Computing Profession

Heidelberg Anew

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ACM Past President Vinton G. Cerf

I have just returned from the fourth annual Heidelberg Laureate Forum and I want to emphasize how very important it has been for ACM Turing laureates to participate in the program. Each year 200 math and computer science undergraduates participate in the program, approximately 100 each. Speeches by laureates are mixed with undergraduate workshops and plenary open sessions. There is ample opportunity for interaction among students and laureates and between students.

This year, Brian Schmidt gave the Lindau lecture (from the annual Nobel Prize winners meeting). Schmidt discovered that the universe is not only expanding, the expansion is accelerating. It would be difficult to imagine a more profound discovery. In the very long term, it appears the universe will expand to the point that only a certain amount of local gravity will hold a galaxy or small group of galaxies together. The rest will accelerate away and the universe will end in a cold whimper.

Fortunately, there was nothing but stimulating conversation at this year’s Heidelberg Forum. More than ever we are seeing how mathematics and computer science are interacting, especially with the arrival of neural networks and quantum computers that have capabilities quite different from the conventional von Neumann designs that have dominated computing for over seven decades. Fundamental questions about what is computable, illuminated by Gödel, are getting attention in the light of these new computing engines.

Leslie Lamport delivered another extraordinary lecture reinforcing the value of thinking mathematically while considering the process of programming. The value of abstraction to aid in reasoning about expected program function resonated very strongly with me and, I think, with others in attendance.

As always, the mathematics and computer science students were full of energy, ideas, and eagerness to interact with each other and with the laureates present. The organizers worked hard to maximize student opportunities to meet with laureates including a number of workshops where some in-depth discussion could be supported. Some of the laureates voiced a strong recommendation that every effort should be made to allow rich interaction between students of the two disciplines.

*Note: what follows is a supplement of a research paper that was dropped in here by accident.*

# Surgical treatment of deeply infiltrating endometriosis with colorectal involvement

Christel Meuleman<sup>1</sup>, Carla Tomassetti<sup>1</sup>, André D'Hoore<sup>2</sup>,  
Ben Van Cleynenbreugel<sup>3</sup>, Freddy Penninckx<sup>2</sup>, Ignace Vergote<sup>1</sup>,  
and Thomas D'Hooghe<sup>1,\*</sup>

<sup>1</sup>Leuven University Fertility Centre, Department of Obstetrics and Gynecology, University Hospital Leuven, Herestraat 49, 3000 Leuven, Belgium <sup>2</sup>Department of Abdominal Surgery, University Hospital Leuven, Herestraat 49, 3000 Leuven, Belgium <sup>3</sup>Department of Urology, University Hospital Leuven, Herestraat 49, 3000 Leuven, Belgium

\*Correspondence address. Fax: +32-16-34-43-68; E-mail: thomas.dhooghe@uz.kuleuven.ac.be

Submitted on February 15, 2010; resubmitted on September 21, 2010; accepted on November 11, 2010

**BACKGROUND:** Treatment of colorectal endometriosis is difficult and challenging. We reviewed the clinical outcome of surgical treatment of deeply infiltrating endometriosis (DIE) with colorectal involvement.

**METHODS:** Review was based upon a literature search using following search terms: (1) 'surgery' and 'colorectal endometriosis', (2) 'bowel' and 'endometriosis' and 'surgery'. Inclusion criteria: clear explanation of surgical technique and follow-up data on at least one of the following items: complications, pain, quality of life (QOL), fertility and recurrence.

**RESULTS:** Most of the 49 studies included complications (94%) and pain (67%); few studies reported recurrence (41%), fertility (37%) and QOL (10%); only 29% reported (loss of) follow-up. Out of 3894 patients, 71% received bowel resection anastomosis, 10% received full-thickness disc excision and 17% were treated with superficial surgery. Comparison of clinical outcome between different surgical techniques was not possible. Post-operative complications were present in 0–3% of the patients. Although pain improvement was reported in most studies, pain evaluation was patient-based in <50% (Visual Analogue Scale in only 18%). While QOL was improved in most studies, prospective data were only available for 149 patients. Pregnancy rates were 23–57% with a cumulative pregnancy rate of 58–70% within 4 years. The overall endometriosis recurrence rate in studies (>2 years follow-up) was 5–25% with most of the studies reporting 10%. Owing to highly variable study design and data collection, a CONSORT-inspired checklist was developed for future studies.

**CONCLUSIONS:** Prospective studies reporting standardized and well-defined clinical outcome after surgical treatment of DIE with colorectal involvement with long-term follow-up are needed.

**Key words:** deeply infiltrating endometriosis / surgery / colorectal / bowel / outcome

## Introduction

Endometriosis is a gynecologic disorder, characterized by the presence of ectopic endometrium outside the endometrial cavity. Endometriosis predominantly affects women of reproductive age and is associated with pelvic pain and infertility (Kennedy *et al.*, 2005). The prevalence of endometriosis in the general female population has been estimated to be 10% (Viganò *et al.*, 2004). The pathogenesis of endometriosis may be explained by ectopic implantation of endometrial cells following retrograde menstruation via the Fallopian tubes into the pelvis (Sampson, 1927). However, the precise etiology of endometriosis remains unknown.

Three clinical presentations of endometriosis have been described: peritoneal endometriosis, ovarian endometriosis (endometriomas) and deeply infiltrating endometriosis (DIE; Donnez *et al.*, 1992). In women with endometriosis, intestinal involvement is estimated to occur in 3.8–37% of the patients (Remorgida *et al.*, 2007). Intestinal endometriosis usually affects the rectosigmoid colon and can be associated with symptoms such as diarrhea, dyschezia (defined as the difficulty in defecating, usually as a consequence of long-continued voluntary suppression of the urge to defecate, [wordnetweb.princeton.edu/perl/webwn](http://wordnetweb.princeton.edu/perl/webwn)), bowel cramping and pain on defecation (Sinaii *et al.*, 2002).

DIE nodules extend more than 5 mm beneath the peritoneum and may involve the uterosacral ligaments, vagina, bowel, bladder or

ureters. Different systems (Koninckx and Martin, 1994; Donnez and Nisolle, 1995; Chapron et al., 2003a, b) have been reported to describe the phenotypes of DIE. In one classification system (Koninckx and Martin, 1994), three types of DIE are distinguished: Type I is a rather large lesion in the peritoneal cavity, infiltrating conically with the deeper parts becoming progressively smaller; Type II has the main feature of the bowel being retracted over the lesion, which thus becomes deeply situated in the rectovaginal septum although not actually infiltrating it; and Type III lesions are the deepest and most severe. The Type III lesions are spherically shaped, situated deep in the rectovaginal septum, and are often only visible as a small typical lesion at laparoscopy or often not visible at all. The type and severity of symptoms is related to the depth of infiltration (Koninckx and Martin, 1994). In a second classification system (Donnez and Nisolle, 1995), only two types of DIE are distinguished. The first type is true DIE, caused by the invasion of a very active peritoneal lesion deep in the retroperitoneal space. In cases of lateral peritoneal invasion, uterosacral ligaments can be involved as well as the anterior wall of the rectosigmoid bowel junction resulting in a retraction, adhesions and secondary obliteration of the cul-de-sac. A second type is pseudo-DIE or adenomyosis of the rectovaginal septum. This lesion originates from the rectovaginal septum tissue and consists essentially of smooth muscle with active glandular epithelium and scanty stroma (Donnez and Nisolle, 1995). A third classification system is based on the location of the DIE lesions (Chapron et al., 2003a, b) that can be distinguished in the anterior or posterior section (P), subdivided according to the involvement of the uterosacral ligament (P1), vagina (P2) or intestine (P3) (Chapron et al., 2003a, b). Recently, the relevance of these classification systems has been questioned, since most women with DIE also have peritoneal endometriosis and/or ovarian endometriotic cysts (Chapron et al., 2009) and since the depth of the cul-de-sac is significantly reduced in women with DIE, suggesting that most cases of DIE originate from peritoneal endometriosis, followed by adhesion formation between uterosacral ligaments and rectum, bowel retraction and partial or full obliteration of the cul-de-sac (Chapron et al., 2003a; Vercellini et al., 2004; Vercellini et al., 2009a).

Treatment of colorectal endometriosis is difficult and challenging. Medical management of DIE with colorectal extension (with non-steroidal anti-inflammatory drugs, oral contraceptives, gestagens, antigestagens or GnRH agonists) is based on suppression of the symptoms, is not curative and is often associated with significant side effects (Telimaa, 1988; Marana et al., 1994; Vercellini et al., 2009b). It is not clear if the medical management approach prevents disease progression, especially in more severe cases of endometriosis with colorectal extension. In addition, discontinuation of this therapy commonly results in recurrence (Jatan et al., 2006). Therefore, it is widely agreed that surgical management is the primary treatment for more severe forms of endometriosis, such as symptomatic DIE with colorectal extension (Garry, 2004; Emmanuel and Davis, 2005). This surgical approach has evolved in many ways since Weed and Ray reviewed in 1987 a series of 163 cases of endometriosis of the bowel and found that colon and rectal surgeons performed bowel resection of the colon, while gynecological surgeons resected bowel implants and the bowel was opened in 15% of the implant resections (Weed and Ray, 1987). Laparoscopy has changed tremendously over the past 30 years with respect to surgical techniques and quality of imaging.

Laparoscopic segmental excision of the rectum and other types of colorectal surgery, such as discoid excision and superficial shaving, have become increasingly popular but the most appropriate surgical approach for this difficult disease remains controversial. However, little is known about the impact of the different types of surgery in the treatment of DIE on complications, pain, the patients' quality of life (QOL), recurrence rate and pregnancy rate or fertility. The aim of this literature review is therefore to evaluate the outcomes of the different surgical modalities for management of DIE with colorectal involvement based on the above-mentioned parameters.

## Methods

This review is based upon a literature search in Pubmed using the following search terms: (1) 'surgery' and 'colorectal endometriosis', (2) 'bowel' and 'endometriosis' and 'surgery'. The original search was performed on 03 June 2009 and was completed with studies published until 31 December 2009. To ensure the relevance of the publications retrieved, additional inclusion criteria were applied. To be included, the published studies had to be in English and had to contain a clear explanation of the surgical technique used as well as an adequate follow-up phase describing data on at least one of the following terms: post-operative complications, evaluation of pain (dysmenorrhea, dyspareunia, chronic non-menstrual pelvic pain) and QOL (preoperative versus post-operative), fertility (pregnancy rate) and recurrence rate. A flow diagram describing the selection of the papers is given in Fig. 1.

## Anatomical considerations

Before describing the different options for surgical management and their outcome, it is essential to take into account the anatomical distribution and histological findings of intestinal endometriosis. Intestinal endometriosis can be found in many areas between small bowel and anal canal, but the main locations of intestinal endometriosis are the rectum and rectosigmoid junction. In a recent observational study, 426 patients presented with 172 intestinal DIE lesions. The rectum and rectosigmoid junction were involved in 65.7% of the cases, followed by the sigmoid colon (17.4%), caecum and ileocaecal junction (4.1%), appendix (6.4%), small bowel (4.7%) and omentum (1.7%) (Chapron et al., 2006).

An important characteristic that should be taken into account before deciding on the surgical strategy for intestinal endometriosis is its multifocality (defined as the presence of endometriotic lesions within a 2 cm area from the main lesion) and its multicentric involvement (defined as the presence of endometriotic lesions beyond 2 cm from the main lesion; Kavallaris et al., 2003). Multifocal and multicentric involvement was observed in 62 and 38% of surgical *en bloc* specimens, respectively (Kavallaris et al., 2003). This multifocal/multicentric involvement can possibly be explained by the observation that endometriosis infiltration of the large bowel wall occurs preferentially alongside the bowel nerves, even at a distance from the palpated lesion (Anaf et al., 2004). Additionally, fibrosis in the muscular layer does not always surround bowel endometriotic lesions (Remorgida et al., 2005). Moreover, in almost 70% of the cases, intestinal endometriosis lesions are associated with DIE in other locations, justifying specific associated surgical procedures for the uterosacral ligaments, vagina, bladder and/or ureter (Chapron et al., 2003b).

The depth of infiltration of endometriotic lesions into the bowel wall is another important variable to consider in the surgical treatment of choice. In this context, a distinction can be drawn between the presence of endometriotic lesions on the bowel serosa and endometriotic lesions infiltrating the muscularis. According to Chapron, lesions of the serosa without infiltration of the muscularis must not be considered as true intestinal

Looking at the available laureate attendee lists, I can’t help but imagine that future Heidelberg events would benefit from a cohort of additional younger laureates so I look forward to the possibility that other ACM awardees might be invited to attend the annual event.

Looking back on the Lindau event that I attended in late June at which Nobel Prize winners mingle with students, I was struck by the increasingly important role of computing in discovery science. Simulations of physical phenomena are revealing new insights into the nature of our universe. One of the dramatic examples I have seen shows an evolving universe from the big bang that takes into account dark matter and dark energy and produces a simulated universe with many of the large scale structures we actually see in the observable universe. We see huge reticular structures emerging that are largely the product of masses of dark matter that organize ordinary matter into a lacework of stars and gas. That these predictions can be tested through observation reinforces the importance of computing in our exploration of the natural world.

We are reaching an exciting period in scientific discovery in which computation is as important as laboratory experiment and observation.

We are reaching an exciting period in scientific discovery in which computation is as important as laboratory experiment and observation. We can invent our own universes and test them for compatibility with the real one we can measure. Indeed, we may find that our predictions could draw our attention to phenomena we might never have looked for, were it not for the revelation of computation.

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